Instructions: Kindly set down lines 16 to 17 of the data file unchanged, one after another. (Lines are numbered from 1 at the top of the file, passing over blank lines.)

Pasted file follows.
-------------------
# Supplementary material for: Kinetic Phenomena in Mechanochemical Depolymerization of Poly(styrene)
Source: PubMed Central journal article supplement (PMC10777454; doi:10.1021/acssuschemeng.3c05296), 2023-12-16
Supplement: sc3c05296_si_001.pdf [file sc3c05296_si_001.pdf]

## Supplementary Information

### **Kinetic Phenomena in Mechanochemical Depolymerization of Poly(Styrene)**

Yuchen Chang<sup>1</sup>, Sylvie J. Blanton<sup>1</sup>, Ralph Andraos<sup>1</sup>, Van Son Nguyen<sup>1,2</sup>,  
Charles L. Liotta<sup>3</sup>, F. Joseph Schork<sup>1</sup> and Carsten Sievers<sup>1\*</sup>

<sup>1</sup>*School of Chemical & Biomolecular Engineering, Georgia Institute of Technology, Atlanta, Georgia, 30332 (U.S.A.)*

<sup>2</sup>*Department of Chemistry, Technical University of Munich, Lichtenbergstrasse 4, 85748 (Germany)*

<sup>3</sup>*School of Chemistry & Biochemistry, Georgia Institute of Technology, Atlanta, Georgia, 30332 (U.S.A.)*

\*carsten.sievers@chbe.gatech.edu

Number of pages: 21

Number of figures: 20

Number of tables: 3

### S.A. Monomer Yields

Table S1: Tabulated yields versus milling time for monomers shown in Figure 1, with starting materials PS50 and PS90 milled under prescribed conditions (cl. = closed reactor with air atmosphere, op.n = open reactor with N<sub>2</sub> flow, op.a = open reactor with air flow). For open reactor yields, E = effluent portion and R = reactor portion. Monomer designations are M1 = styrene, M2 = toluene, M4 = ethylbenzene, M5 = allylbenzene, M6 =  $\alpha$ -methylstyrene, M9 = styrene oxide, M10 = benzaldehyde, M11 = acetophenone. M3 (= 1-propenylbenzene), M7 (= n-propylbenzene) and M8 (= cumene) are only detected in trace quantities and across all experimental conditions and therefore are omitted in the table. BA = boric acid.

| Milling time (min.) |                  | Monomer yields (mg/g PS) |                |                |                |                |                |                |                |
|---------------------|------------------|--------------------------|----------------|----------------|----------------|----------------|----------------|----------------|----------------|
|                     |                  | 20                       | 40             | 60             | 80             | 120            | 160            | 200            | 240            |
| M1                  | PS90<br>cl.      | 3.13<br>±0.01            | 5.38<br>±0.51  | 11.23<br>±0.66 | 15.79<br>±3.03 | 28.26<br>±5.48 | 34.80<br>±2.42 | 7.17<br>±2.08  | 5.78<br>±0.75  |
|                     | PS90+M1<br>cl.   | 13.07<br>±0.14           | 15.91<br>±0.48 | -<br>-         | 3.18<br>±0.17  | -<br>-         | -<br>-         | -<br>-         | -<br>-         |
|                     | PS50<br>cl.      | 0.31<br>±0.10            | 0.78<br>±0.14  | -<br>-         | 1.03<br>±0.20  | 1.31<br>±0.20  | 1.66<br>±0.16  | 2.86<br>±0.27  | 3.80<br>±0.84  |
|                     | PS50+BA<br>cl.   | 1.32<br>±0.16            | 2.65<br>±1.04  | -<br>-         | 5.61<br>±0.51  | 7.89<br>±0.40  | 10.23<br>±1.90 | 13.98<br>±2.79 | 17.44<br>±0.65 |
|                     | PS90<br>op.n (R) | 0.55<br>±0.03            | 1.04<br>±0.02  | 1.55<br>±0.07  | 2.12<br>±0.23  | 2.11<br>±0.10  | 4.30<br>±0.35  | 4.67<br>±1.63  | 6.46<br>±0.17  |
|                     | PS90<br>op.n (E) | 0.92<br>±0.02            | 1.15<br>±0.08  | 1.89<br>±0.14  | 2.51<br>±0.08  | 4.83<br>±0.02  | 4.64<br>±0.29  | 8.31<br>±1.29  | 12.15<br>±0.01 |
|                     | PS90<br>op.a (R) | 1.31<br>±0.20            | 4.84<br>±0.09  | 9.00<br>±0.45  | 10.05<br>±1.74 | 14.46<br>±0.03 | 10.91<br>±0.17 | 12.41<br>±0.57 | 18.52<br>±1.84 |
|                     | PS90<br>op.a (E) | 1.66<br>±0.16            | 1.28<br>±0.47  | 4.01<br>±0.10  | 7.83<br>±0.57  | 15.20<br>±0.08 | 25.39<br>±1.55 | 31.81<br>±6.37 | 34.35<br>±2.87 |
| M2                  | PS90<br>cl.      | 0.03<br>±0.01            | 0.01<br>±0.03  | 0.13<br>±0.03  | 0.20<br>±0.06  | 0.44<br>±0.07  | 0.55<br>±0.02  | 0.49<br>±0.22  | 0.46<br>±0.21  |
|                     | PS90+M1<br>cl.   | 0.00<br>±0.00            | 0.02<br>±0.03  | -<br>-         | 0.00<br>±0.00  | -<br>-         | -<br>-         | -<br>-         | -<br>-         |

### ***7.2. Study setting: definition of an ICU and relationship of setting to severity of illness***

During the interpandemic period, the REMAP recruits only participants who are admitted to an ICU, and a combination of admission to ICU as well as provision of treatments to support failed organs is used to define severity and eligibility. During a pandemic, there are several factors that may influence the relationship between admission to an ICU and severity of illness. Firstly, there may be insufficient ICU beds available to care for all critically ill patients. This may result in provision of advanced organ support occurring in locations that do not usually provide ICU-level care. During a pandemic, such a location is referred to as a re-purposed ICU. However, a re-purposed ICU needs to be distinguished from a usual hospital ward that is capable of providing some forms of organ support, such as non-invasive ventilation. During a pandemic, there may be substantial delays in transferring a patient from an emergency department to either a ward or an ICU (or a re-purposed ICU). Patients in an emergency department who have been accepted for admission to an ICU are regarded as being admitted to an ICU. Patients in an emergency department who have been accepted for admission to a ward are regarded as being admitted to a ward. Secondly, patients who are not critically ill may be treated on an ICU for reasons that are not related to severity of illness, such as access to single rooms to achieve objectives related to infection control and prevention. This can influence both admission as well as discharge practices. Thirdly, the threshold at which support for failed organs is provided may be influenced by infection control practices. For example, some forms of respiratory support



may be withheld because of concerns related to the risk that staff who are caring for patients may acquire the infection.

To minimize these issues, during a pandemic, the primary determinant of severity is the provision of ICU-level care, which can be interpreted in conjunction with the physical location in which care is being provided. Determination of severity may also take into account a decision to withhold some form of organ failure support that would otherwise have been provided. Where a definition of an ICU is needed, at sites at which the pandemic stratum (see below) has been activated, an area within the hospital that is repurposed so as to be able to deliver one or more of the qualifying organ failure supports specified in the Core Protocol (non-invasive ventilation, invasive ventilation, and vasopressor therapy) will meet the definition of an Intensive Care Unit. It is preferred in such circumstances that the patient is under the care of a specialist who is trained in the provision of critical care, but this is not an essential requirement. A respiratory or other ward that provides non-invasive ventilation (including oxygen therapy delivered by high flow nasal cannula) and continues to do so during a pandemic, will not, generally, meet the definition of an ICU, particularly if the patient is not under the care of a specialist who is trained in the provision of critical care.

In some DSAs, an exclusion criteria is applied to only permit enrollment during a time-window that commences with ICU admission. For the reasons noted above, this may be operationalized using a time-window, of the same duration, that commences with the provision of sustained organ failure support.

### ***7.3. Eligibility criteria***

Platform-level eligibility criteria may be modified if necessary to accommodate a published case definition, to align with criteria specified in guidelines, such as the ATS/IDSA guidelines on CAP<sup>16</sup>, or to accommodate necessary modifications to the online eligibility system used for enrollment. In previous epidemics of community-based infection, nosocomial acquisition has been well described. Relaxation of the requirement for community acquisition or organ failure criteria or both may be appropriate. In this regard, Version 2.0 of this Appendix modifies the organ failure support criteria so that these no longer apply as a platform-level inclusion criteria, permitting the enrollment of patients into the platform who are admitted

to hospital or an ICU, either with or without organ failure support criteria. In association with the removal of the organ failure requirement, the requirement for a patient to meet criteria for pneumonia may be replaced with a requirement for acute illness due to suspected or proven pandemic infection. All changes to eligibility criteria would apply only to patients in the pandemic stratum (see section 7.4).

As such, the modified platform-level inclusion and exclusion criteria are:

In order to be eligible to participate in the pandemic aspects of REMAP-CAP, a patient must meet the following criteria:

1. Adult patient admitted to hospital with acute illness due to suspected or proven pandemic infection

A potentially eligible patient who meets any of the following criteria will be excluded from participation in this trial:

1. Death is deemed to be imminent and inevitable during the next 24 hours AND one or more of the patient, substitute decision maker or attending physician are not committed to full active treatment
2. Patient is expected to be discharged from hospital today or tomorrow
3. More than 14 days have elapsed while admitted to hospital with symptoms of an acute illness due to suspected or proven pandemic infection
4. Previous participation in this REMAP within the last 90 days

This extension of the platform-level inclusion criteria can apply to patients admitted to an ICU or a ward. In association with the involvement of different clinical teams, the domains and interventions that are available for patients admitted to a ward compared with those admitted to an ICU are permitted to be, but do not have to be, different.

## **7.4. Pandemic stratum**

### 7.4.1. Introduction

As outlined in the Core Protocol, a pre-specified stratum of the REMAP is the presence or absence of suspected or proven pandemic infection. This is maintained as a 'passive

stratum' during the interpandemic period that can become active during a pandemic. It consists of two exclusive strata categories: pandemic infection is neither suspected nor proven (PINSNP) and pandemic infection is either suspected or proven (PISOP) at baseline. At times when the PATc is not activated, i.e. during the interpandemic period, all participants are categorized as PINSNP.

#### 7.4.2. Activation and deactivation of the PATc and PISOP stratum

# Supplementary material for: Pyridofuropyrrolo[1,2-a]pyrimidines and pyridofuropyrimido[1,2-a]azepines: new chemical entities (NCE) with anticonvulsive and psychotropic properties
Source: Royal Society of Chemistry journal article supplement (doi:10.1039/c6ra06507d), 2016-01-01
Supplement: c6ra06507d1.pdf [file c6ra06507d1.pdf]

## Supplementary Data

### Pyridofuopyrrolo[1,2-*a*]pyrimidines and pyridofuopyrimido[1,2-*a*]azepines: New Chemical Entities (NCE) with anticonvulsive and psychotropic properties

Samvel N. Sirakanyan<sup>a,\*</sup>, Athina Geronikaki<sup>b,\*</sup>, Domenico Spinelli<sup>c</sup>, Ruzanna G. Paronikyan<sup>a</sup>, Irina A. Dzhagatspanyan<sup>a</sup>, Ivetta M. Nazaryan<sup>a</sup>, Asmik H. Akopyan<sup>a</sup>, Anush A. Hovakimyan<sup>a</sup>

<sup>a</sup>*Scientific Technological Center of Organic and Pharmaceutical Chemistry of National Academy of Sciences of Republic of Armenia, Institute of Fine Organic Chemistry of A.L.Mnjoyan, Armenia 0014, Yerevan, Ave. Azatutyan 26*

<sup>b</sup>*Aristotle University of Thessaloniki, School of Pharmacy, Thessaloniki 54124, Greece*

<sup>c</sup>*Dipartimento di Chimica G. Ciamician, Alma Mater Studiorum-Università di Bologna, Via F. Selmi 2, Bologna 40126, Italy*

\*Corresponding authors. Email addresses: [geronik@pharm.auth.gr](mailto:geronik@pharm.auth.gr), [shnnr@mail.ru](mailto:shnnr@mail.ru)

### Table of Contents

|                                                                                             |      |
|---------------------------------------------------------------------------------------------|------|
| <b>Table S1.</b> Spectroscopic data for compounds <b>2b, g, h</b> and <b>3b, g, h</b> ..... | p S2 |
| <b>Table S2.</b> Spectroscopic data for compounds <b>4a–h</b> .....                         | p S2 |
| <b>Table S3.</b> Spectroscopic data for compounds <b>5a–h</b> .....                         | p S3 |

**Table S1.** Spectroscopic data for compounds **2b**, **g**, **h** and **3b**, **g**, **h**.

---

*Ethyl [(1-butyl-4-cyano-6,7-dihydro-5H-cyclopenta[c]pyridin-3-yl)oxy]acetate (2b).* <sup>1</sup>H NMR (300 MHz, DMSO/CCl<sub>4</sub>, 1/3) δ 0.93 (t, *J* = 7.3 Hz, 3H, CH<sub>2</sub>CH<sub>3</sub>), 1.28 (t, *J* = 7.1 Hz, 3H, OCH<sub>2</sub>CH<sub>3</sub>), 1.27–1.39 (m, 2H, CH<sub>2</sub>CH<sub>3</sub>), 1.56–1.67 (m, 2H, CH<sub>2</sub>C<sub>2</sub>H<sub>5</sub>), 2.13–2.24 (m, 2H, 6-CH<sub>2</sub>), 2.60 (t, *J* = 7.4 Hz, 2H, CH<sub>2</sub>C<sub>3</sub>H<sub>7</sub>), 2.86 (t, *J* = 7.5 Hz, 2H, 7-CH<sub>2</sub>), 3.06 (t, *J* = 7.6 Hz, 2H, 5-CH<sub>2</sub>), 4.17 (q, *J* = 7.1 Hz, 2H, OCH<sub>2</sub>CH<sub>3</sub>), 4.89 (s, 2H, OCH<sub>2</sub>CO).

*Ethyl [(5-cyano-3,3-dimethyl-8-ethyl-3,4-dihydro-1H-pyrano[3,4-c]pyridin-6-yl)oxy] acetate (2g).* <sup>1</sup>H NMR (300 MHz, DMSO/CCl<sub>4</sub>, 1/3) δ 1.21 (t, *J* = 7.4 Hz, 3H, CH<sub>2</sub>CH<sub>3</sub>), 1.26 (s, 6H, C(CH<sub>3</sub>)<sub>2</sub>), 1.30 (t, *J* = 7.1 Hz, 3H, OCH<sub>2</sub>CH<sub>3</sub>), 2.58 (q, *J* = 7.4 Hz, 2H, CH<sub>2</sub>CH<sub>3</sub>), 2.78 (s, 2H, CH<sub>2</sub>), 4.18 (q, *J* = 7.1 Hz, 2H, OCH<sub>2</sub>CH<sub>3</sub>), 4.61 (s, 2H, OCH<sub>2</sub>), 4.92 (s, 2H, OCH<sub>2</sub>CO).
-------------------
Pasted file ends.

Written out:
Table S1: Tabulated yields versus milling time for monomers shown in Figure 1, with starting materials PS50 and PS90 milled under prescribed conditions (cl. = closed reactor with air atmosphere, op.n = open reactor with N<sub>2</sub> flow, op.a = open reactor with air flow). For open reactor yields, E = effluent portion and R = reactor portion. Monomer designations are M1 = styrene, M2 = toluene, M4 = ethylbenzene, M5 = allylbenzene, M6 =  $\alpha$ -methylstyrene, M9 = styrene oxide, M10 = benzaldehyde, M11 = acetophenone. M3 (= 1-propenylbenzene), M7 (= n-propylbenzene) and M8 (= cumene) are only detected in trace quantities and across all experimental conditions and therefore are omitted in the table. BA = boric acid.

| Milling time (min.) |                  | Monomer yields (mg/g PS) |                |                |                |                |                |                |                |